Behind the Ugly Duckling ...
This week I had the truly magical experience of taking part in the famous Pawleys Island (SC) event called the Movable Feast. It's a joyful place where book lovers convene to listen to an author discuss their latest book, buy a signed copy, chat with the author and then enjoy a delicious lunch. I've attended many of these events as a reader since relocating to the Lowcountry. But this week, I appeared as an author! (In fact, it was my second time!)
The book we were promoting was the very special project Charleston Light, an anthology of stories written by members of my American Christian Fiction Writers Lowcountry chapter co-members. All the stories featured the lighthouse on Sullivan's Island. I opened up with a description of the project, then I went on to describe my own contributed story. And the other authors all came up to describe their story too.
I can't really describe what a Cinderella moment this was for me, one in a multitude of "that will never happen to me" magical moments that have occurred over the last two decades in my writing career. So in this blog I'm going to share my comments and some photos. Enjoy!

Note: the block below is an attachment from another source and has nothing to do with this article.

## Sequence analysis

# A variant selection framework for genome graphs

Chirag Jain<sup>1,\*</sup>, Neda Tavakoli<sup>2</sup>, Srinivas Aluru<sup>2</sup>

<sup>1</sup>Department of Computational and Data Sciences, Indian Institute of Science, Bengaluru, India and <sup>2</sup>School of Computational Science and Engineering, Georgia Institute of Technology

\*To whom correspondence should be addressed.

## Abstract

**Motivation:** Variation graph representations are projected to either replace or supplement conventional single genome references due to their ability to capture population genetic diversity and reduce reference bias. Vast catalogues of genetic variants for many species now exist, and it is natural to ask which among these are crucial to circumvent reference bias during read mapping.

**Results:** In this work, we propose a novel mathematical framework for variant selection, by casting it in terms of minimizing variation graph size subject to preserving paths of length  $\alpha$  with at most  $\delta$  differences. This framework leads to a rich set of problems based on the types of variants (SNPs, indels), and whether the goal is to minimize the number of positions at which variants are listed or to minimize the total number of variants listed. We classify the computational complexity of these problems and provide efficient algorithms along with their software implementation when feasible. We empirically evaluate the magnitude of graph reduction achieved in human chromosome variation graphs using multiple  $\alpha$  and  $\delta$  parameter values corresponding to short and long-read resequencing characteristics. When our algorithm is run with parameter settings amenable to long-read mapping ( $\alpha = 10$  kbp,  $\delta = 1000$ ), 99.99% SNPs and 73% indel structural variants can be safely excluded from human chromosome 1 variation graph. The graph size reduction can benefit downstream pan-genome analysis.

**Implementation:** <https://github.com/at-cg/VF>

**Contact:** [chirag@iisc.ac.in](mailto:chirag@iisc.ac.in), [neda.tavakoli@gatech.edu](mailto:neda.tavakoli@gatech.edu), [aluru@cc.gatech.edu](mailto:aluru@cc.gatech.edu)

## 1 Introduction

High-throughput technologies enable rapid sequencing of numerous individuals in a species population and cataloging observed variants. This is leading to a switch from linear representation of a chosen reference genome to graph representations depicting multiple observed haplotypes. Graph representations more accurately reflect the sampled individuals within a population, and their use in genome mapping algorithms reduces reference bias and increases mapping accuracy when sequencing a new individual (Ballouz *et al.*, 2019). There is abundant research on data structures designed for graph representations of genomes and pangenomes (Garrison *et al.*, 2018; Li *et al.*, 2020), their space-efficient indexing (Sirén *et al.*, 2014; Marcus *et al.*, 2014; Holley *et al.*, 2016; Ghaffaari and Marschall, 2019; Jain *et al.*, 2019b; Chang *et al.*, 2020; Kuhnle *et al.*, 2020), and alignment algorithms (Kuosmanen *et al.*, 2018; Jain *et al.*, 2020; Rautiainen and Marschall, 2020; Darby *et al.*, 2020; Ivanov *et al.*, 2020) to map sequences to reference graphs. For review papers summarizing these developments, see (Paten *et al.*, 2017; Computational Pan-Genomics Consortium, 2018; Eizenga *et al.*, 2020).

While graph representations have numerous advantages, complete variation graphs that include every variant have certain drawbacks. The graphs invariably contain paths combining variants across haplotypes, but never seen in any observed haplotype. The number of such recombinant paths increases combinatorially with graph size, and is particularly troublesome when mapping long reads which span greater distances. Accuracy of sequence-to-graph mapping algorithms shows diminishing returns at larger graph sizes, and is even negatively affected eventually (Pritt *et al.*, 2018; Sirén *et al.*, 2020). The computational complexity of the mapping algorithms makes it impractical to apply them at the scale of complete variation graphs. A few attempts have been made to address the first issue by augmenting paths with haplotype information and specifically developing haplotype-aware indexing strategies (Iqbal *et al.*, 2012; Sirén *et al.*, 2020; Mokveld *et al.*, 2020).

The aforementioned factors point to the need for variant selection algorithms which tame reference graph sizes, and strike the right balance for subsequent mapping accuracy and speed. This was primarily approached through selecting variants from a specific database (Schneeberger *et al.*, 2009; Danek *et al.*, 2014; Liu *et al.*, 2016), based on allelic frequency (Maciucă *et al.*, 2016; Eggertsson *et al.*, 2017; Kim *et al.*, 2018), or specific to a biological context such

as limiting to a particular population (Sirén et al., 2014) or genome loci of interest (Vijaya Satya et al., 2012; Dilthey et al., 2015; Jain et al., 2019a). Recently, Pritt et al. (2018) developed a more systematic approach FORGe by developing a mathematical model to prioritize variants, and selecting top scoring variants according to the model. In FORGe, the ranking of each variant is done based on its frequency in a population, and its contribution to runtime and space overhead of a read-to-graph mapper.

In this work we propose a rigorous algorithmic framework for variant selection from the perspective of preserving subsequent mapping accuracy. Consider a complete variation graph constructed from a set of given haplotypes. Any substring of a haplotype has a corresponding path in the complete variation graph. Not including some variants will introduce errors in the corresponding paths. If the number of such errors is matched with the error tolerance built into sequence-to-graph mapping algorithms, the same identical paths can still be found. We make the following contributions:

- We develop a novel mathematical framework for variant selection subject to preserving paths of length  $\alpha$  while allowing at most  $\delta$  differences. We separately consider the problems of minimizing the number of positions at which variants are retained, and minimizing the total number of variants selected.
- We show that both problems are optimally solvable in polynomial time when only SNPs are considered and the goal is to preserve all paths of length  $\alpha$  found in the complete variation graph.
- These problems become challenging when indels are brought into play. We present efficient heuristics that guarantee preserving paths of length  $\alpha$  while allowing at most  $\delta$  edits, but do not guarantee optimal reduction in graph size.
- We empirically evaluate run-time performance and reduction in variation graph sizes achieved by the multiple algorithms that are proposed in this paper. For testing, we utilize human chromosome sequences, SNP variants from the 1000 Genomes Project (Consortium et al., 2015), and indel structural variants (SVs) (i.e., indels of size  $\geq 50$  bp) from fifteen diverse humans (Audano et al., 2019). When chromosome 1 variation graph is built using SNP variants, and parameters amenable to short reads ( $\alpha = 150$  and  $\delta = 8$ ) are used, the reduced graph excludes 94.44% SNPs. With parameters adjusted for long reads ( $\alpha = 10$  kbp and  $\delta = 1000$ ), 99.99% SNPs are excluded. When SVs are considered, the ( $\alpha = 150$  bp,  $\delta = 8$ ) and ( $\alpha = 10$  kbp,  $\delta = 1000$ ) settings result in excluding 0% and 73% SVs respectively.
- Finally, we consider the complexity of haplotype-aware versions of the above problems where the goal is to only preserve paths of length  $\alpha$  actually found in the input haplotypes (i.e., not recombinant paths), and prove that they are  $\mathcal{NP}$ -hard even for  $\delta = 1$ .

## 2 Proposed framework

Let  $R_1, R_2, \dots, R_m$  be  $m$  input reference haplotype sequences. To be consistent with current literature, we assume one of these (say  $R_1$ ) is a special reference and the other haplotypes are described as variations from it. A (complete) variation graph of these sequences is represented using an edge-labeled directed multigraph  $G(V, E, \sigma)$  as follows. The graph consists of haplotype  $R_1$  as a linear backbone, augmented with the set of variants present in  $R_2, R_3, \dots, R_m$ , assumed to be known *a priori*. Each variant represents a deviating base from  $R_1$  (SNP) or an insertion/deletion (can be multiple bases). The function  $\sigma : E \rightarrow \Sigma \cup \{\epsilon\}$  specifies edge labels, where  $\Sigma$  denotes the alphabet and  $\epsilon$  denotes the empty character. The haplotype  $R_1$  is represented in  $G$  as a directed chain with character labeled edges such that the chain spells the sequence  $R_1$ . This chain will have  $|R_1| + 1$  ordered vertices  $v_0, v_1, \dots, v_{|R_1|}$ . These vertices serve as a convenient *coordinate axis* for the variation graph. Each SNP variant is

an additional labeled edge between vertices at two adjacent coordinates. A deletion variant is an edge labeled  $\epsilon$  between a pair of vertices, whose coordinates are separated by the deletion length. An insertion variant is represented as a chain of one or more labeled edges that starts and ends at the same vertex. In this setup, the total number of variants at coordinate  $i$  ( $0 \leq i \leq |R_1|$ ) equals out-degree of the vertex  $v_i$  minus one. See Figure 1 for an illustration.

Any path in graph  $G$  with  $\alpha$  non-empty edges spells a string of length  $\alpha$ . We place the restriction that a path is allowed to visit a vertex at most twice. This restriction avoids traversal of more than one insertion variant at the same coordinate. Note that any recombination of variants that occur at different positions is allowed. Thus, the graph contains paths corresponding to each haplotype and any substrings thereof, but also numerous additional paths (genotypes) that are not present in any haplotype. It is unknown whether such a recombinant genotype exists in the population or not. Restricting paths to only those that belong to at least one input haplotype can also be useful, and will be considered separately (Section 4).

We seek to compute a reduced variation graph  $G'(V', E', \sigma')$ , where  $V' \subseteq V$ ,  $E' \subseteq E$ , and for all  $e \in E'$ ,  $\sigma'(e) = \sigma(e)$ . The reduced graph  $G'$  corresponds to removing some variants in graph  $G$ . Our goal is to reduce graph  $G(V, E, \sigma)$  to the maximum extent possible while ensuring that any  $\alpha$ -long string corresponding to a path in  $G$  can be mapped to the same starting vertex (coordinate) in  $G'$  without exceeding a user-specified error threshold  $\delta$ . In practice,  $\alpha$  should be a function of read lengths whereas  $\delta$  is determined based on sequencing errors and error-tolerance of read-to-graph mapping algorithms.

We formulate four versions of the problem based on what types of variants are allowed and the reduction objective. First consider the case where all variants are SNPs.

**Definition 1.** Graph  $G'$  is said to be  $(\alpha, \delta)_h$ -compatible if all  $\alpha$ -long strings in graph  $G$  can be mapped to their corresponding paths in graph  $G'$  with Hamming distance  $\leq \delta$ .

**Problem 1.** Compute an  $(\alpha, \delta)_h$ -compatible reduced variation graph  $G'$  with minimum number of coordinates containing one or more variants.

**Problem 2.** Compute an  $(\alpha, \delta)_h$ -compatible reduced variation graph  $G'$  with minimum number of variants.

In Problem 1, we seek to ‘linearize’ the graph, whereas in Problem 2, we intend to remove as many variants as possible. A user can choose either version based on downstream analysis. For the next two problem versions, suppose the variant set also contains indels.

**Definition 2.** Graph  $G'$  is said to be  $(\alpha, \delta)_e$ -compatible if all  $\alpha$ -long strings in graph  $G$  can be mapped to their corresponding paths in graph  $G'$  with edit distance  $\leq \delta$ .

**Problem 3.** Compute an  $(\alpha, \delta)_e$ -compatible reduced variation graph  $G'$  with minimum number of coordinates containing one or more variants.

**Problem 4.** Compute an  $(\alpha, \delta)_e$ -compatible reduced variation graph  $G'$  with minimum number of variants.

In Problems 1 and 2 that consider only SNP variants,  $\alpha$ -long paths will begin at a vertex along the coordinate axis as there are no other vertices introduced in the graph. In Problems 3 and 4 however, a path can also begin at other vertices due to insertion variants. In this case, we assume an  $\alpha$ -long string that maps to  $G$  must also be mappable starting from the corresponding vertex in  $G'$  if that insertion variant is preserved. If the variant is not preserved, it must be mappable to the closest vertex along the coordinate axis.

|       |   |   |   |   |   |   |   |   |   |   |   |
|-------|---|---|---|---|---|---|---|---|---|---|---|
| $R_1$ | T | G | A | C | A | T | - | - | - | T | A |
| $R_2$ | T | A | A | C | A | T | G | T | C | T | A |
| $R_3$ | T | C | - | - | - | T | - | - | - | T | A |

Thank you all for coming! We are all thrilled to see you here, and we welcome you
and thank you for your support of our anthology.
The eight of us, as well as five other authors, are all members of a national organization called American Christian Fiction Writers. National organizations are great, but they’re so much better when they offer local chapters for people to join and attend regularly, but the closest one to me here in the South Strand was four hours away in Anderson, SC. Three and a half years ago, four of us (Christina, Annette, Melissa and I) decided to charter a new Lowcountry chapter of ACFW. We went through all the steps and we now have a thriving chapter in Mt. Pleasant.
We have about a dozen members, and we’ve become a close-knit group. We’ve done some really fun things for such a smallish, newish group. Two years in a row now, we’ve held a writing beach retreat right here in Pawleys Island! We’ve stayed at SeaView Inn, which many of you have probably stayed in, or at least driven by on the island.